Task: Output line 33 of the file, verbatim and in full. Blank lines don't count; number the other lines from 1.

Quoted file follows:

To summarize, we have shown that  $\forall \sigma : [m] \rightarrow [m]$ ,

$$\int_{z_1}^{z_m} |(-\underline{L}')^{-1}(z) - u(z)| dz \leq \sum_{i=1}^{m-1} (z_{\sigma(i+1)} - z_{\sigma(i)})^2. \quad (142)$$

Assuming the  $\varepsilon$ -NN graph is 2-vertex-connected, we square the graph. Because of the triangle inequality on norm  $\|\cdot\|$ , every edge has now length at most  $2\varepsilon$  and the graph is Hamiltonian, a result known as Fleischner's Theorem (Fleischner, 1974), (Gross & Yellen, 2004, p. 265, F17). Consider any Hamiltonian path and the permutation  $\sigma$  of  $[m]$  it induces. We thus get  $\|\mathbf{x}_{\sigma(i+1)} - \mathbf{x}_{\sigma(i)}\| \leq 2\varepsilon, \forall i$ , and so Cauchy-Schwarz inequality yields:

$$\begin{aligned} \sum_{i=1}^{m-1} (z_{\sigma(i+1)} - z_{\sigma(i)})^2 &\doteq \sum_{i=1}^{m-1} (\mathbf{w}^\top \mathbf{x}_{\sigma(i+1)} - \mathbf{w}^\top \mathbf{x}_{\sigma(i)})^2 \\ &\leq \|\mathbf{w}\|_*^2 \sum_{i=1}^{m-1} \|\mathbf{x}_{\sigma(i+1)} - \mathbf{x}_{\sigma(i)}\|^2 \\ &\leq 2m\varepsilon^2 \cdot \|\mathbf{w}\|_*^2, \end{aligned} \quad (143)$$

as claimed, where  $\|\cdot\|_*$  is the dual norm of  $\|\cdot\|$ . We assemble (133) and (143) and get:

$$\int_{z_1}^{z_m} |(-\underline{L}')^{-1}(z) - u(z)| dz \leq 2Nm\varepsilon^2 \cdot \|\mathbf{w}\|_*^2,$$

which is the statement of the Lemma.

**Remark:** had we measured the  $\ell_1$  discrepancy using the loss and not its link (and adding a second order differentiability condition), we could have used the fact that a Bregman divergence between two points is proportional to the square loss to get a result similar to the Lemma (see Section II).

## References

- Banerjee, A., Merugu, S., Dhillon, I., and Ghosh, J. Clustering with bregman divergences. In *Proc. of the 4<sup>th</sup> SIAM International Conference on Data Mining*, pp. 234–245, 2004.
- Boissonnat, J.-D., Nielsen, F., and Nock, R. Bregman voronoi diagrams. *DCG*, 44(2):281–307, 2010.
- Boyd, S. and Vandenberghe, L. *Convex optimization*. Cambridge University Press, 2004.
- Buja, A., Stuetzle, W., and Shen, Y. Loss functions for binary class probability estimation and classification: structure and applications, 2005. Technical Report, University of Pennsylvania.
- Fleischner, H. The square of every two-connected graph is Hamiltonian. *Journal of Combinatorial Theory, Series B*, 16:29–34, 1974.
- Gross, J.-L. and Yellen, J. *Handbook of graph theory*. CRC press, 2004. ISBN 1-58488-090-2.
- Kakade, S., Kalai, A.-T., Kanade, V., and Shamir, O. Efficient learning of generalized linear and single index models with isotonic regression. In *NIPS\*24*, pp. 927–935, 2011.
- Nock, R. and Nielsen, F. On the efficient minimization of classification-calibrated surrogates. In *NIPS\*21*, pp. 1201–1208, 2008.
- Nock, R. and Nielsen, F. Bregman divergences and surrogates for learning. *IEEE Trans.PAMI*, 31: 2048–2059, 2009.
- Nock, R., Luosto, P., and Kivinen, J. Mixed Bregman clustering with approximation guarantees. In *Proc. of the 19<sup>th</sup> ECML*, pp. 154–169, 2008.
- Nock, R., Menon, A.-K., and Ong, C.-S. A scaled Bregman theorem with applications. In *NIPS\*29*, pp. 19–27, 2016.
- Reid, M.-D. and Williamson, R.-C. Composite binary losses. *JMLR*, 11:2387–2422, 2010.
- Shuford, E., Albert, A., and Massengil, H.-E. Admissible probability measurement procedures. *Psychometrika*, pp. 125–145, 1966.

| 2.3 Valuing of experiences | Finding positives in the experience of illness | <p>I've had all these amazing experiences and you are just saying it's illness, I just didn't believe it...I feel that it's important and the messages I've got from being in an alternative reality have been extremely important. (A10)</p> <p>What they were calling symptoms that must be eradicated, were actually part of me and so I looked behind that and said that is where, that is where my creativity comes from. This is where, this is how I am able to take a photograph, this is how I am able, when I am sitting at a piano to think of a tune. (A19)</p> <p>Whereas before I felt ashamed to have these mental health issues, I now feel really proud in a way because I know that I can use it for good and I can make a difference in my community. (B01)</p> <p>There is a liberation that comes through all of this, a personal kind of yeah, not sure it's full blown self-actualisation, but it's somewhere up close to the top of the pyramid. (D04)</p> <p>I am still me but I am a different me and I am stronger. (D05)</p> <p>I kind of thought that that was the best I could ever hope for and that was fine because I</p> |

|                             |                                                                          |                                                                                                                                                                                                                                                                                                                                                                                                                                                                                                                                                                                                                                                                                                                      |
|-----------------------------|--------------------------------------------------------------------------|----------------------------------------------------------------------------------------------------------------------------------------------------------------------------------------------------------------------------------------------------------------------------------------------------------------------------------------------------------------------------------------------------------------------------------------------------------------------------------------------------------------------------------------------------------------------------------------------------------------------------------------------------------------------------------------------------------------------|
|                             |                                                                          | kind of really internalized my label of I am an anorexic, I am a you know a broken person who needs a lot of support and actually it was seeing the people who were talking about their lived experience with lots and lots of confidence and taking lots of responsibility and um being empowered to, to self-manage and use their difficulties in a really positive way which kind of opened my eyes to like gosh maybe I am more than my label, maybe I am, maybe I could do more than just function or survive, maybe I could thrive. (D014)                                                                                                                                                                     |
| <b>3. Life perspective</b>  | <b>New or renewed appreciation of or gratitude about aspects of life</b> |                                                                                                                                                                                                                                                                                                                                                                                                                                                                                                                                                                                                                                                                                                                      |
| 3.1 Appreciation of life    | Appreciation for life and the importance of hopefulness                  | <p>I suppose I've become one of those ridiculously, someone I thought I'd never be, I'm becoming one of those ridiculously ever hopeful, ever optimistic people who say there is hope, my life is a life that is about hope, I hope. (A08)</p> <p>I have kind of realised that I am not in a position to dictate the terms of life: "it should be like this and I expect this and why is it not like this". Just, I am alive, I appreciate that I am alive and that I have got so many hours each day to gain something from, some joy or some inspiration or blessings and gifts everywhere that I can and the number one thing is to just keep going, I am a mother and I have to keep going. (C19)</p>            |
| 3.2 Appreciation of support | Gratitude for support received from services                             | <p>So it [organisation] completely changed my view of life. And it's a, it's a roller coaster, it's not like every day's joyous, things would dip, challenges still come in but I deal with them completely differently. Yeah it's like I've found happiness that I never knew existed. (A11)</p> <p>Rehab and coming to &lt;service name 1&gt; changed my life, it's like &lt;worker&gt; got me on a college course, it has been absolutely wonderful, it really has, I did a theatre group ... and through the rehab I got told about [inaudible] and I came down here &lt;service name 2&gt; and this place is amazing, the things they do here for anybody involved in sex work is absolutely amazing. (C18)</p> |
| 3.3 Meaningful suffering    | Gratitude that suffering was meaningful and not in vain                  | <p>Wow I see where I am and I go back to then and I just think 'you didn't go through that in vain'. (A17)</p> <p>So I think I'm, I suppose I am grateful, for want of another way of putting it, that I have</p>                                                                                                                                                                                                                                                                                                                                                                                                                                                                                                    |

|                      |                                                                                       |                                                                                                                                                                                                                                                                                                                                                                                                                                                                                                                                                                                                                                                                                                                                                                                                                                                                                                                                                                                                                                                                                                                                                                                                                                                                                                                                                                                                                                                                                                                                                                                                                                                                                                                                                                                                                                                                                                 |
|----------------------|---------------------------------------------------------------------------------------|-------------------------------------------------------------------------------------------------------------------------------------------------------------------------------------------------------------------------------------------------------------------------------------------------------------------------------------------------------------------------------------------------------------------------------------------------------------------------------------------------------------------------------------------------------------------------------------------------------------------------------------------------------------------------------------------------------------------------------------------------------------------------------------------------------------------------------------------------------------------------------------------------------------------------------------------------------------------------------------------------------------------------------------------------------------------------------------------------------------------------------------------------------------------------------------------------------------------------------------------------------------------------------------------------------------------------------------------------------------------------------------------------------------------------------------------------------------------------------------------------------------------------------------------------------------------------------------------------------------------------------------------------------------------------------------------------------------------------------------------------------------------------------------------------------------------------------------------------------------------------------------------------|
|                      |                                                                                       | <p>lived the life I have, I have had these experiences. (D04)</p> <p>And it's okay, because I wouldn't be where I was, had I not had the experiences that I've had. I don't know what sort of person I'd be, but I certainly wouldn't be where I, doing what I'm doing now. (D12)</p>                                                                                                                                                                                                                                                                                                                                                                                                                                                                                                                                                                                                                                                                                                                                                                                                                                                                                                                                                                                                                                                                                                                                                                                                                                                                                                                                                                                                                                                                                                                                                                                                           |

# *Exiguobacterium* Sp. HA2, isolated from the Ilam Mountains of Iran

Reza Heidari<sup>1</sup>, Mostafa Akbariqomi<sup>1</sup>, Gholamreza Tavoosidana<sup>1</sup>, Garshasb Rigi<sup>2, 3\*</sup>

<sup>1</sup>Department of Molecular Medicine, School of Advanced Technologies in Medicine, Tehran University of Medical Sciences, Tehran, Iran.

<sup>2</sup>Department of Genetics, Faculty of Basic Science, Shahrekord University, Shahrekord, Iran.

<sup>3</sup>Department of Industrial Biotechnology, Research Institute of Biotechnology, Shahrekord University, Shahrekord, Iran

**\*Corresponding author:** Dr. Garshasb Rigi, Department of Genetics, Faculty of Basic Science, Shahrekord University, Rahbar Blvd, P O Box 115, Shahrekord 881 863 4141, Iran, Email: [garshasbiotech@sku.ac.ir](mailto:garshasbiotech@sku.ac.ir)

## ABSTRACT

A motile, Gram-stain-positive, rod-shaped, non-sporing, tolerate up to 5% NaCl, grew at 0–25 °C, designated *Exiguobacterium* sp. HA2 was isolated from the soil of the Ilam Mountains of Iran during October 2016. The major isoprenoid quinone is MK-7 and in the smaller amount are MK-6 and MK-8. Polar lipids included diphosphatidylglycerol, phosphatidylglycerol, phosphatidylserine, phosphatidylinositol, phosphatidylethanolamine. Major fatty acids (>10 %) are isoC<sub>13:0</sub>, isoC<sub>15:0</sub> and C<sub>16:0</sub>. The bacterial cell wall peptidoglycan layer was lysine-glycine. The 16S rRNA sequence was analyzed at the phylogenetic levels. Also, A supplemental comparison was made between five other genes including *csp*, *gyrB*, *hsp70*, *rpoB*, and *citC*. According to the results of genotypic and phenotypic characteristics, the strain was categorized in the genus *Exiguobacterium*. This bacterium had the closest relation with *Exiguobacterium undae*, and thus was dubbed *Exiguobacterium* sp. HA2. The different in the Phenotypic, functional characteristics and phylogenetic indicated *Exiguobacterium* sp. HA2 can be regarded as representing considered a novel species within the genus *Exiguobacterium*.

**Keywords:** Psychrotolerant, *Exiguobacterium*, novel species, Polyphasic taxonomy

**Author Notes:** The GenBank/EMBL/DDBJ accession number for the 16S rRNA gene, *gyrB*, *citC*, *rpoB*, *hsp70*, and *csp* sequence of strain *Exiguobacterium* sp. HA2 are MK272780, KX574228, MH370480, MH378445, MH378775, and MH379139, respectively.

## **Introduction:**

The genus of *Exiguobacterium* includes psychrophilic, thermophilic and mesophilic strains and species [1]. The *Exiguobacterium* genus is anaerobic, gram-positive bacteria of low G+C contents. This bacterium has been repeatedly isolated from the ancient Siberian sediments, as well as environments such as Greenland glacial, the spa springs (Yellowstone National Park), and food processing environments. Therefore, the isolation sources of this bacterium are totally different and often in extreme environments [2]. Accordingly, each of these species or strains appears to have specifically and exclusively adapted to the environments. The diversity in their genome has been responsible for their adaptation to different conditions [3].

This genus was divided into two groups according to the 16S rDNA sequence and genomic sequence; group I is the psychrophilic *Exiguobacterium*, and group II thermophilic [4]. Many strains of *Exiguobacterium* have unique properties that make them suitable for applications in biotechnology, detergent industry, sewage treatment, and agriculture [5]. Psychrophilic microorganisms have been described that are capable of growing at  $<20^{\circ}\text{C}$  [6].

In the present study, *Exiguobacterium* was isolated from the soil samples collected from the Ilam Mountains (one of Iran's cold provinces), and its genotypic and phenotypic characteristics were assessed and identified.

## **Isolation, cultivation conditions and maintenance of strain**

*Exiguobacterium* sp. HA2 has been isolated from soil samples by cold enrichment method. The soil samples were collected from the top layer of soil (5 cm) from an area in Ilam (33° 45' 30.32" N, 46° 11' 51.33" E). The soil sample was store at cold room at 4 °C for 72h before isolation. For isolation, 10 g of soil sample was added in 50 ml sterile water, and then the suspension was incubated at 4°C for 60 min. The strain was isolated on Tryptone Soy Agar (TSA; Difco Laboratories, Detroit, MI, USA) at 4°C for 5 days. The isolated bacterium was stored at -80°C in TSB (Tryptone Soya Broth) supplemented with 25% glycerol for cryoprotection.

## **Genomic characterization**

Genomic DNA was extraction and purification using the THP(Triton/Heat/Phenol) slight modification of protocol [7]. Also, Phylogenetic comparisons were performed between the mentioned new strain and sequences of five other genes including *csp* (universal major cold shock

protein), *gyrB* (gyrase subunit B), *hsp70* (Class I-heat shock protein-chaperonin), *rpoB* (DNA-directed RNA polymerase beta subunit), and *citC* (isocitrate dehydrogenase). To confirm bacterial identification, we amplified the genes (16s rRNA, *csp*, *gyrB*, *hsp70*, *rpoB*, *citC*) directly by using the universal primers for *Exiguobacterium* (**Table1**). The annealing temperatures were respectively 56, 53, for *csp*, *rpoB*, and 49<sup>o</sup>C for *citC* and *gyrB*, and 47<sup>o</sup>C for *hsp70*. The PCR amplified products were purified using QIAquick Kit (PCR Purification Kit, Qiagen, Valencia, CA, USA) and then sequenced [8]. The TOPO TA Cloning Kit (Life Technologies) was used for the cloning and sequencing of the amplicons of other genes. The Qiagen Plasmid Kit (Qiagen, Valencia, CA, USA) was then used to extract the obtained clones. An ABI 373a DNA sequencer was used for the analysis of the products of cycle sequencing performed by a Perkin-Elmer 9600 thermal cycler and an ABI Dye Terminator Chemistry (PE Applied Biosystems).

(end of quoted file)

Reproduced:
|                      |                                                                                       | <p>lived the life I have, I have had these experiences. (D04)</p> <p>And it's okay, because I wouldn't be where I was, had I not had the experiences that I've had. I don't know what sort of person I'd be, but I certainly wouldn't be where I, doing what I'm doing now. (D12)</p>                                                                                                                                                                                                                                                                                                                                                                                                                                                                                                                                                                                                                                                                                                                                                                                                                                                                                                                                                                                                                                                                                                                                                                                                                                                                                                                                                                                                                                                                                                                                                                                                           |